AMES, Iowa (AP) — John Nikas is stranded and living in an auto repair garage in Iowa.
He'd rather be on the road, his real home for most of the past year, where for about 20 hours a day he's driven across the country in "Grace," a rusted British roadster a friend bought on eBay. Nikas should be touring America and visiting cancer-stricken kids who — with the rev of an engine and the push of a gas pedal — can take a ride and forget their worries for a while.
For the first time in their travels, Grace broke down and now needs her pistons repaired. And Nikas is stuck in Ames, worried that he won't keep his planned visits to give sick youngsters a ride in his 1953 Austin-Healey 100.
On Oct. 11, Grace sputtered into Skunk River Restorations on the south side of Ames, where she is stuck until her engine can be repaired.
Since then, Nikas, 42, has encountered a car community of central Iowans rallying to get him back on the road and headed to Alaska, the last leg of his trip. About 40 folks from Ames, Des Moines, Urbandale, Altoona and places in between are logging long days and late nights to fix Grace's engine. In the process, they're building a movement inspired by the car to serve cancer-affected families in Iowa.
"It's miraculous serendipity," Nikas said. "Whenever we've needed someone to pitch in, someone's shown up. Whenever you can't devote more time, someone shows up to lend a hand. Everything we've needed has been provided for."
At present, Grace has two deteriorating pistons. Nikas contacted Steve Myers of Skunk River Restorations, a full service auto shop that had worked on Grace in September. After the minor repairs, Nikas and Grace headed to New Mexico and then to North Carolina. During that 4,800-mile trip, Grace's pistons began failing.
"Two pistons deteriorating — any other car, any other day, it wouldn't even start. Yet this continued halfway across the country," said Randy Anderson, an Urbandale car buff. "If the car is truly loved and honored, it will get you there."
So for another week Grace is sprawled in parts across Skunk River's space. And Nikas worries he'll not be able to make it to Alaska on schedule.
Drive Away Cancer, the nonprofit movement inspired by Nikas and Grace, launched from Southern California last year. When a friend was diagnosed with multiple myeloma, Nikas decided to drive to the East Coast and back in Grace, now an inspiration to those fighting cancer and rolling memorial to the disease's victims.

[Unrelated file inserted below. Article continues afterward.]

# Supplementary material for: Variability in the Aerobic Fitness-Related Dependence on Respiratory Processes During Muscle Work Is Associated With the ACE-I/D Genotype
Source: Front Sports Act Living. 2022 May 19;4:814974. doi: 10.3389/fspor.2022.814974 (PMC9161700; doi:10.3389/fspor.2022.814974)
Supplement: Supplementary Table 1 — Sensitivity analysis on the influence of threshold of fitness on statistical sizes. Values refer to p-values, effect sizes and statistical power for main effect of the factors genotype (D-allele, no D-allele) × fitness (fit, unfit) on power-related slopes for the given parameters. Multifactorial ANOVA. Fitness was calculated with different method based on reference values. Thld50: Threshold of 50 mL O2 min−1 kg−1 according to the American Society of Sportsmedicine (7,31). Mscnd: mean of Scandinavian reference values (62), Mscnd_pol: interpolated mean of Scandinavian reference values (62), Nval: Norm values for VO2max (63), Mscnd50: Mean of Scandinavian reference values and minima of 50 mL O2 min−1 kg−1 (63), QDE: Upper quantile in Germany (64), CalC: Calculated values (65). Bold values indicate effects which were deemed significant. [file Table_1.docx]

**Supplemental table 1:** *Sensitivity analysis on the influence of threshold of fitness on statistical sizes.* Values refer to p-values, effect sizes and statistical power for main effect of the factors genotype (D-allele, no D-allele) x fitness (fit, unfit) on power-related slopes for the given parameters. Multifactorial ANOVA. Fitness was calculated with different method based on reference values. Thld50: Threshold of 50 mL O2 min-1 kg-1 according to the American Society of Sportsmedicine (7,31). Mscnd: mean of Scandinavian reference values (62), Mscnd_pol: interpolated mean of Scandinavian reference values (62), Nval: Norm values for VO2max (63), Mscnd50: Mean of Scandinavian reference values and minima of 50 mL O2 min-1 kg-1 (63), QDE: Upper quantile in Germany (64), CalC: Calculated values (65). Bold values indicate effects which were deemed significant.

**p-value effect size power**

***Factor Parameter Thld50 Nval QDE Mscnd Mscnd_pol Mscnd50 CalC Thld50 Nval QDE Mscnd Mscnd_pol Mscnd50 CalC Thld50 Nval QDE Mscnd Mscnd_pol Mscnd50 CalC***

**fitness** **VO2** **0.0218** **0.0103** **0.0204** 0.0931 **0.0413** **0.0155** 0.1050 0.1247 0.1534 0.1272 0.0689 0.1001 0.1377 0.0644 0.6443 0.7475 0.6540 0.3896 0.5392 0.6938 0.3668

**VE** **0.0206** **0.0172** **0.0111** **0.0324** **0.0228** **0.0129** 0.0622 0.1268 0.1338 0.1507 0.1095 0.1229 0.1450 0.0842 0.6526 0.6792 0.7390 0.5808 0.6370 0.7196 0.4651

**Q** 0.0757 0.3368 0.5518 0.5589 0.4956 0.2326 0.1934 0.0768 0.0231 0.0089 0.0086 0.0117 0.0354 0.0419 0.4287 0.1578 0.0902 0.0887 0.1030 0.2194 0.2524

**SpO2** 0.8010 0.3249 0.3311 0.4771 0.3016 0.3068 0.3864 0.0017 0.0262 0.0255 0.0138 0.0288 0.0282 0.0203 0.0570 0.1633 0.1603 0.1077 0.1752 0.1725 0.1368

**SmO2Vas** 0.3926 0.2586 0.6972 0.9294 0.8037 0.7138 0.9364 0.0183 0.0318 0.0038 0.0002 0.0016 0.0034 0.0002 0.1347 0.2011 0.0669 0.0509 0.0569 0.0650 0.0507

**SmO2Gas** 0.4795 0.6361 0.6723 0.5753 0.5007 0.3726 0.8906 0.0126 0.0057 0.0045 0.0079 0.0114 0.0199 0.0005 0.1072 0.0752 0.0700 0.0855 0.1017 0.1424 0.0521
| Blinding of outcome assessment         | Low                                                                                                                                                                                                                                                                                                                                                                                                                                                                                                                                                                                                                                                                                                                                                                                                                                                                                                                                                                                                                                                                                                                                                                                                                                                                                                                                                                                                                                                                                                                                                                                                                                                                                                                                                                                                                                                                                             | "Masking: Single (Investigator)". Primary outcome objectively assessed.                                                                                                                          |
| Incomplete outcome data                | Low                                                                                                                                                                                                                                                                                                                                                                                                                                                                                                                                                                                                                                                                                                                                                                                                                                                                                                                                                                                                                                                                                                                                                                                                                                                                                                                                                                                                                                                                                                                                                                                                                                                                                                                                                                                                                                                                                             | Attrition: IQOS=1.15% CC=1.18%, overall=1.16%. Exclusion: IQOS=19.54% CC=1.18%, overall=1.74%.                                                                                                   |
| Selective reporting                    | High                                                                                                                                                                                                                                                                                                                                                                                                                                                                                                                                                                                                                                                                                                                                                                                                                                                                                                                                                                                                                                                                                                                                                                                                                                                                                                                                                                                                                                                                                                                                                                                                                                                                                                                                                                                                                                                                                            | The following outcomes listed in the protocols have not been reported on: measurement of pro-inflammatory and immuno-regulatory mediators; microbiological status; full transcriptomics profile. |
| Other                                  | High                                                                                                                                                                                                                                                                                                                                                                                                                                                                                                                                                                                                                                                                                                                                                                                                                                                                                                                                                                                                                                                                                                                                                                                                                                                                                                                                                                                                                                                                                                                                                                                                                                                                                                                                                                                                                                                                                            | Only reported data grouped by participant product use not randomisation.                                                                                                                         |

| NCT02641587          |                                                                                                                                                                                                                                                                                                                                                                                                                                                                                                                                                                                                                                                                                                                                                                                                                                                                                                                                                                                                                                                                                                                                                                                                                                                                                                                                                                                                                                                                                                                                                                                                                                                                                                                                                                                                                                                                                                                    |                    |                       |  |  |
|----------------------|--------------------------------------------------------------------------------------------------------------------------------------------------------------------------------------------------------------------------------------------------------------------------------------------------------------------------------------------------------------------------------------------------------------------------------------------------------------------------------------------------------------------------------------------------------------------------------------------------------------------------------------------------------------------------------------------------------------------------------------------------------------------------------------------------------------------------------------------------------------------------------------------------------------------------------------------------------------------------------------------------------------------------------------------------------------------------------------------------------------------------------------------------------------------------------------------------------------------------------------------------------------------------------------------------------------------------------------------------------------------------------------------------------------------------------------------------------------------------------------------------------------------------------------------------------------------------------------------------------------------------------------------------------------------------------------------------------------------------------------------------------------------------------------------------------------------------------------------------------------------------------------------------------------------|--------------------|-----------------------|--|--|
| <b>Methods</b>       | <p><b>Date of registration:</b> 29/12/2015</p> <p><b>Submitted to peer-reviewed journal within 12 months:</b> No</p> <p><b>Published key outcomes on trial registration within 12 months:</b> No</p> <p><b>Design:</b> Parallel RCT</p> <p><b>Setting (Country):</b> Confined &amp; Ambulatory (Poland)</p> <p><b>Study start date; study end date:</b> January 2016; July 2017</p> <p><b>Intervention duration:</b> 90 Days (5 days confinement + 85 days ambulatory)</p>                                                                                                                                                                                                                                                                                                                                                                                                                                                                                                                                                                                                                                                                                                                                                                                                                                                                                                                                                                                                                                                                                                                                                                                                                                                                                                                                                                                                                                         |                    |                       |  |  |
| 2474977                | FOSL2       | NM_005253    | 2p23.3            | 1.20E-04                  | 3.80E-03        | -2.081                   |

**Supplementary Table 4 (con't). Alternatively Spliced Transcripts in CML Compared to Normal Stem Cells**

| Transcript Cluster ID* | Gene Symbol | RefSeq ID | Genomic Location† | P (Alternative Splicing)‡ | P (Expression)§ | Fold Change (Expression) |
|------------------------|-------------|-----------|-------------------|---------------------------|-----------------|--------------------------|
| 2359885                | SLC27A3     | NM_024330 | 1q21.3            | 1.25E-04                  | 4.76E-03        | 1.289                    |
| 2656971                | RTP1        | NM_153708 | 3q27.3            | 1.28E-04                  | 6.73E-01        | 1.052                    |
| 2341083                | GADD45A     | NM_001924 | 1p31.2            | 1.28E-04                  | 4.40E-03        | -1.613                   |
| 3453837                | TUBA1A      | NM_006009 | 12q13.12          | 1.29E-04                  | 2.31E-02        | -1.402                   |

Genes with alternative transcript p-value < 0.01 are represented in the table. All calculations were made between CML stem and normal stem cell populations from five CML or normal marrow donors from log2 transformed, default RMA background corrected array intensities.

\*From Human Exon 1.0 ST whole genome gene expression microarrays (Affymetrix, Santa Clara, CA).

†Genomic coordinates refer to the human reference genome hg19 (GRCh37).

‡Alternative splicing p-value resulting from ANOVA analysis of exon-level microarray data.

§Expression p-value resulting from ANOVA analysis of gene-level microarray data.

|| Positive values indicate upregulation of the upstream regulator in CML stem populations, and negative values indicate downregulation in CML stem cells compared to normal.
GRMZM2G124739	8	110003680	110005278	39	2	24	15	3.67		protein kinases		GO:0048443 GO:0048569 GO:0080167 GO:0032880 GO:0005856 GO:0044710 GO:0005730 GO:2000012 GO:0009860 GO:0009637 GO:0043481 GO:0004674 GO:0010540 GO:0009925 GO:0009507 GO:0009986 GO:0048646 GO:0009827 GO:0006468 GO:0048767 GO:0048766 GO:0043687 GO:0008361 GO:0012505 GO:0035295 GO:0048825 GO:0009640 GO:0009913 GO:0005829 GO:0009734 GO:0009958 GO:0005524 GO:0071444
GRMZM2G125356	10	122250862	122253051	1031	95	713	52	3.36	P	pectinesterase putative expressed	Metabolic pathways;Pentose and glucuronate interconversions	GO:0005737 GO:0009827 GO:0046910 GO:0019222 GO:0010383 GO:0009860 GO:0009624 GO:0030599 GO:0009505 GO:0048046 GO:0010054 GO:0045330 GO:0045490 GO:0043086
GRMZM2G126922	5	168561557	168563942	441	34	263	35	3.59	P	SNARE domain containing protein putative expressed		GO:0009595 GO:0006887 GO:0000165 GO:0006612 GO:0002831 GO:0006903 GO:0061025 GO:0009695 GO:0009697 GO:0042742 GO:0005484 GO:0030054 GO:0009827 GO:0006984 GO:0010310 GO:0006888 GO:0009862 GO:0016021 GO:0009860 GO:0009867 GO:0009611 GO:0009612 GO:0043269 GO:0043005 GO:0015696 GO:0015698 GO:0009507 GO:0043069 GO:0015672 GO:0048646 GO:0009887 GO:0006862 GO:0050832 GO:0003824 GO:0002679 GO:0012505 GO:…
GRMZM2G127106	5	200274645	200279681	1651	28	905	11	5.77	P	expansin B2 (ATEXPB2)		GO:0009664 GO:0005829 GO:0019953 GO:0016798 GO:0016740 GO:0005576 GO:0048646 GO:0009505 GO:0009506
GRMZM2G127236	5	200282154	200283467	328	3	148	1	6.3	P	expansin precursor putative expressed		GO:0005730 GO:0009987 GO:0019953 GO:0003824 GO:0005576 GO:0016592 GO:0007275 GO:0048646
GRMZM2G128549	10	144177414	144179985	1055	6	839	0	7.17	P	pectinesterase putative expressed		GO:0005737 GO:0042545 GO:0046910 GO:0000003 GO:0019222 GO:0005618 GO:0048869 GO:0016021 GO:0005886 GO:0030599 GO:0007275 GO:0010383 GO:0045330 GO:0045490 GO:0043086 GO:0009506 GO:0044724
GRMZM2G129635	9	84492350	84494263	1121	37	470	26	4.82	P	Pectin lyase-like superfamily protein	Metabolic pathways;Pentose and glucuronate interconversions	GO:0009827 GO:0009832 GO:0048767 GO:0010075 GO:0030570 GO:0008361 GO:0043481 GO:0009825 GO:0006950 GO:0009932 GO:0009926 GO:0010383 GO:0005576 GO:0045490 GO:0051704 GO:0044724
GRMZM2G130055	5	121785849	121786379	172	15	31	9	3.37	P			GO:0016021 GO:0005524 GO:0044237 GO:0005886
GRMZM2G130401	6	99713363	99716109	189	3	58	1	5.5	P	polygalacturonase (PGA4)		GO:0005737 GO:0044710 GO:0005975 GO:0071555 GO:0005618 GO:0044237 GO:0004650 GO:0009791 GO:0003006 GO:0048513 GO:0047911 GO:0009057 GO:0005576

If a rotted-out car on its last leg could survive a 5,000-mile trip, Nikas reasoned, his friend could survive cancer.
He gave Grace her name and set off. Everywhere from gas stations to car shows, he met people affected by the disease, many who took a Sharpie to Grace and left the name of a loved one in honor or memory. Grace now sports around 13,000 names, by Nikas' count, covering every panel and edge of the car. As long as Grace carries those names forward, Nikas said, people feel they can, too.
In April, Grace set on a second trip, traveling to as many states and homes as possible to put a smile on the face of kids affected by cancer. "People think the magic is in Grace," Nikas said. "The magic is in showing up. Kids have no idea what the car is. We're showing up for them."
Tim Sheriff, a Volkswagen enthusiast from Altoona, met Grace and Nikas at a Des Moines road rally in September. He said Grace showing up meant a ride for his niece Jena, 14, who has Rett syndrome.
"We said, 'She doesn't have cancer; It's a neurological disorder,' " Sheriff recalled.
Nikas didn't care. He showed up on a Sunday afternoon and drove Jena around for four hours. Inspired by Grace and Nikas' journey, Sheriff and some friends have decided start a version of Drive Away Cancer in Iowa. "After he's gone and Grace is in a museum, we've got to start and pick up where he left off," Sheriff said.
Anderson, a designer and car fanatic from Urbandale, agrees. After Grace is repaired and on her way, he said, kids in Iowa will still be sick. Families will still need to be inspired
Old, classic cars like Grace have a soul, Anderson said. They work when they shouldn't and at just the right times, he said, even when it seems to defy physics.
Anderson is restoring an old 1965 Triumph TR-41 for the effort.
"We said let's have each state have a Grace," Anderson said. "And that will be Iowa's version of Grace."
Information from: The Des Moines Register, http://www.desmoinesregister.com